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I'm teaching my self topology with the aid of a book. I'm trying to prove the following is a topology:

Let X be an infinite set. Show that $\mathscr{T}_2=\{U \subseteq X : U = \emptyset $ or $ X\setminus U $ is countable$ \} $ is a topology.

My book calls this set the "countable complement topology"

Please let me know if my proof is valid.

corollary [A]: The union of countable sets are countable.

proof: I'm going to take as a given that that the union of finite set are finite, and just prove the case of countable infinite sets. A set is countable infinite if there is a bijection between the set and the natural numbers. Let $A$ and $B$ be a countable infinite sets. Now let $f$ be the bijection between $A$ and $\mathbb{N}$ and $g$ be $B$'s bijection.
$f:\mathbb{N} \rightarrow A$
$g: \mathbb{N} \rightarrow B$

There can always exist a bijection $h$ that maps $A \cup B $ to $\mathbb{N}$. To account for non disjoint sets, let $B' = B \setminus A$; (note: $A \cup B = A \cup B'$)
$h: \mathbb{N} \rightarrow A \cup B'$


$ h(x) = \left\{ \begin{array}{ll} f(\frac{1}{2}x); & \quad x \in 2\mathbb{N} \\ g(\frac{x+1}{2}); & \quad x \in 2\mathbb{N}+1 \end{array} \right. $
$h^{-1}(x)$ would map $A$ to the even numbers, and $B'$ to the odd numbers. Therefore, The union of countable sets are countable. (QED)

Now to verify the definition.

(i) X and Ø are elements of $\mathscr{T}$.

Ø is given in the definition of $\mathscr{T}_2$. Also, the empty set is considered finite, with cardinality zero. Thus $X$ is in $\mathscr{T}_1$ because its complement is finite, and finite numbers are countable.

(ii) $\mathscr{T}$ is closed under finite intersections.

Let:$V_k \subseteq X$ be any countable set. (ie: $V_1, V_2...$ are all countable sets)
So Then, $U_k = X \setminus V_k$, would be the subsets of $\mathscr{T}_2$.

$U_k \cap U_j = X \setminus (V_k \cup V_j) $, due to De Morgan's law.

Thus, $U_k \cap U_j \in \mathscr{T}_2$, since the Union of two countable sets is also countable[A]. And This reasoning can be extended to any finite amount of intersections.

(iii) $\mathscr{T}$ is closed under arbitrary unions.

Let $A=\bigcup_{i \in I} U_i$ be an arbitrary union of sets whose complements are are countable.Then by De Morgan's law, $A=X \setminus (\bigcap_{i \in I}V_i)$, for some countable sets $V_i$. By the definition of intersection, $\bigcap_{i \in I}V_i \subseteq V_i$ for all $i \in I$. Since $V_i$ is countable so is any of its subsets. Hence the complement of $A$ is countable.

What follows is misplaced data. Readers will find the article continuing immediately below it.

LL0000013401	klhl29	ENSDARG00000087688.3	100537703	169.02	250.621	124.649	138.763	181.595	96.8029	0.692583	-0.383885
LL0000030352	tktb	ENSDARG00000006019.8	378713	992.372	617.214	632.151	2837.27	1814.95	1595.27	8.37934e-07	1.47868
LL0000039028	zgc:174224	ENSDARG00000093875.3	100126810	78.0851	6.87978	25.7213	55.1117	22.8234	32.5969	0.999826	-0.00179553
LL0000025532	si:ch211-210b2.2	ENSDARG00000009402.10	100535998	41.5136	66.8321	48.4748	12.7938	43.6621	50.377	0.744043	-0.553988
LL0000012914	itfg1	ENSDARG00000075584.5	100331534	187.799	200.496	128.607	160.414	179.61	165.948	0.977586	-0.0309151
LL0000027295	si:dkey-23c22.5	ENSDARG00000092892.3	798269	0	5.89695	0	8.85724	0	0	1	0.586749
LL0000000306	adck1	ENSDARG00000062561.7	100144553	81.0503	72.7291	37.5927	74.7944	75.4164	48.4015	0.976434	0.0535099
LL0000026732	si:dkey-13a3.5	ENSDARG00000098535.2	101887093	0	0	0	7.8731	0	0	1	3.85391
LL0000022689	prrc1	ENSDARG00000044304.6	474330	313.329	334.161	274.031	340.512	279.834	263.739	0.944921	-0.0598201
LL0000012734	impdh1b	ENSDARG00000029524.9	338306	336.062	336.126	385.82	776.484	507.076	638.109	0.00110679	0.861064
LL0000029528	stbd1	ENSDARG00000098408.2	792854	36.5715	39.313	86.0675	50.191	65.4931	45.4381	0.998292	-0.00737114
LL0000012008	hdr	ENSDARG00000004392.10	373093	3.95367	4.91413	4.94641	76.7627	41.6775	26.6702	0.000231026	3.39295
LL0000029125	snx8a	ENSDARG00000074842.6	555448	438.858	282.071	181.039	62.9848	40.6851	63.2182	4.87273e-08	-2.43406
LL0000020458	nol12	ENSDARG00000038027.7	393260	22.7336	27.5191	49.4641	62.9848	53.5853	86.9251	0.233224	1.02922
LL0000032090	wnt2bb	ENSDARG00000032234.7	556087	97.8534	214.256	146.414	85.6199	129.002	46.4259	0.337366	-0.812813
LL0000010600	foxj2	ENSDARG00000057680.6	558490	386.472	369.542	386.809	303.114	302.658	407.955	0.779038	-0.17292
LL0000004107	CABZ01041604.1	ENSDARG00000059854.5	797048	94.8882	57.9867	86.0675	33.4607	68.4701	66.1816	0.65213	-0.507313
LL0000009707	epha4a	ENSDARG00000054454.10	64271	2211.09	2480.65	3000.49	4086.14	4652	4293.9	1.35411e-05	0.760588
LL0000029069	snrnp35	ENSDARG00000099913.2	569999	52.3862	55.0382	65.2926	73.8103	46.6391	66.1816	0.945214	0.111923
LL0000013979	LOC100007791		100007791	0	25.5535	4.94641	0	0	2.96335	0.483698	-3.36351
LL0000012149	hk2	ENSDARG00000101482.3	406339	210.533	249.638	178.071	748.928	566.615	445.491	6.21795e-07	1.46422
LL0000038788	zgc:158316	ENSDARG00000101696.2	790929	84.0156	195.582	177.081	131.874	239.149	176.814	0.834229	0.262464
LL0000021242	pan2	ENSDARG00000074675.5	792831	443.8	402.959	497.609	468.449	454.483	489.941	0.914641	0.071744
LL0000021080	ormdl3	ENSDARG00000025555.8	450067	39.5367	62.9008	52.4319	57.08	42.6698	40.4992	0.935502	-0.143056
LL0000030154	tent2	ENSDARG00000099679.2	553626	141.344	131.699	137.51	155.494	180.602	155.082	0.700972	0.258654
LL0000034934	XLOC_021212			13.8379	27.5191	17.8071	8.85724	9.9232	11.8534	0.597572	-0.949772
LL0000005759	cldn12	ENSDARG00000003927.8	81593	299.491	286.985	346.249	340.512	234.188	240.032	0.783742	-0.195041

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    $\begingroup$ Your corollary is slightly problematic because maybe $A\cap B\neq \varnothing$, but other arguments are fine. $\endgroup$ – cjackal Jun 24 '16 at 5:54
  • $\begingroup$ I see what you mean, because then the function would not be 1-to-1. I guess i would have to add an extra condition. Hopefully I can think of a simple way to account for that. $\endgroup$ – Michael Maliszesky Jun 24 '16 at 14:56
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    $\begingroup$ Note that the countable union of countable sets is also countable, so the co-countable topology has the unusual property that a countable intersection of countably many open sets is also open (where we can normally go no further than finite intersections). $\endgroup$ – Henno Brandsma Jun 24 '16 at 17:01
  • $\begingroup$ I just added $B'$ for the case of non-disjoint sets $\endgroup$ – Michael Maliszesky Jun 24 '16 at 18:18
  • $\begingroup$ What book are you using? I can recommend several excellent and inexpensive ones. $\endgroup$ – Mathemagician1234 Jun 24 '16 at 18:30
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The proofs are almost OK. You do need to handle the special case of the empty set in your proofs.

So for (ii): suppose $U_1,\ldots,U_n$ are in $\mathscr{T}$, where $n \in \mathbb{N}$.

If one of the $U_i$ happens to be equal to $\emptyset$, then $\cap_{i=1}^n U_i = \emptyset$ as well so $\cap_{i=1}^n U_i \in \mathscr{T}$ as required.

In the other case, all $U_i$ obey that $X \setminus U_i$ is at most countable, so then de Morgan says that $X \setminus (\cap_{i=1}^n U_i) = \cup_{i=1}^n (X \setminus U_i)$, which is a finite union of (at most) countable sets so (at most) countable. Hence $\cap_{i=1}^n U_i \in \mathscr{T}$, as required.

As an aside: Note that in this case, because we know that even a countable union of (at most) countable sets is (at most) countable, we can even show that the countable intersection of open sets is open. Also the intersection of (countably many) non-empty open sets will be non-empty, in case $X$ is uncountable.

As to (iii): if $U_i, i \in I$ are in $\mathscr{T}$, then we can assume all $U_i \neq \emptyset$, because they do not contribute to the union, and we can assume we have at least one $U_{i_0}$ that is non-empty (or the union would be empty and so in $\mathscr{T}$ anyway).

Now, $X \setminus ( \cup_{i \in I} U_i ) = \cap_{i \in I} (X \setminus U_i) \subseteq X \setminus U_{i_0}$, and the last set is at most countable, so $\cup_{i \in I} U_i \in \mathscr{T}$, being co-countable as well.

I think that (as this is a topology course) claiming that a finite (or countable) union of countable sets is countable, is quite justified without giving a proof for that: such basic set theory should be a given before a topology course, in my opinion.

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  • $\begingroup$ A similar can also be found here. $\endgroup$ – Viktor Glombik Mar 11 at 0:41

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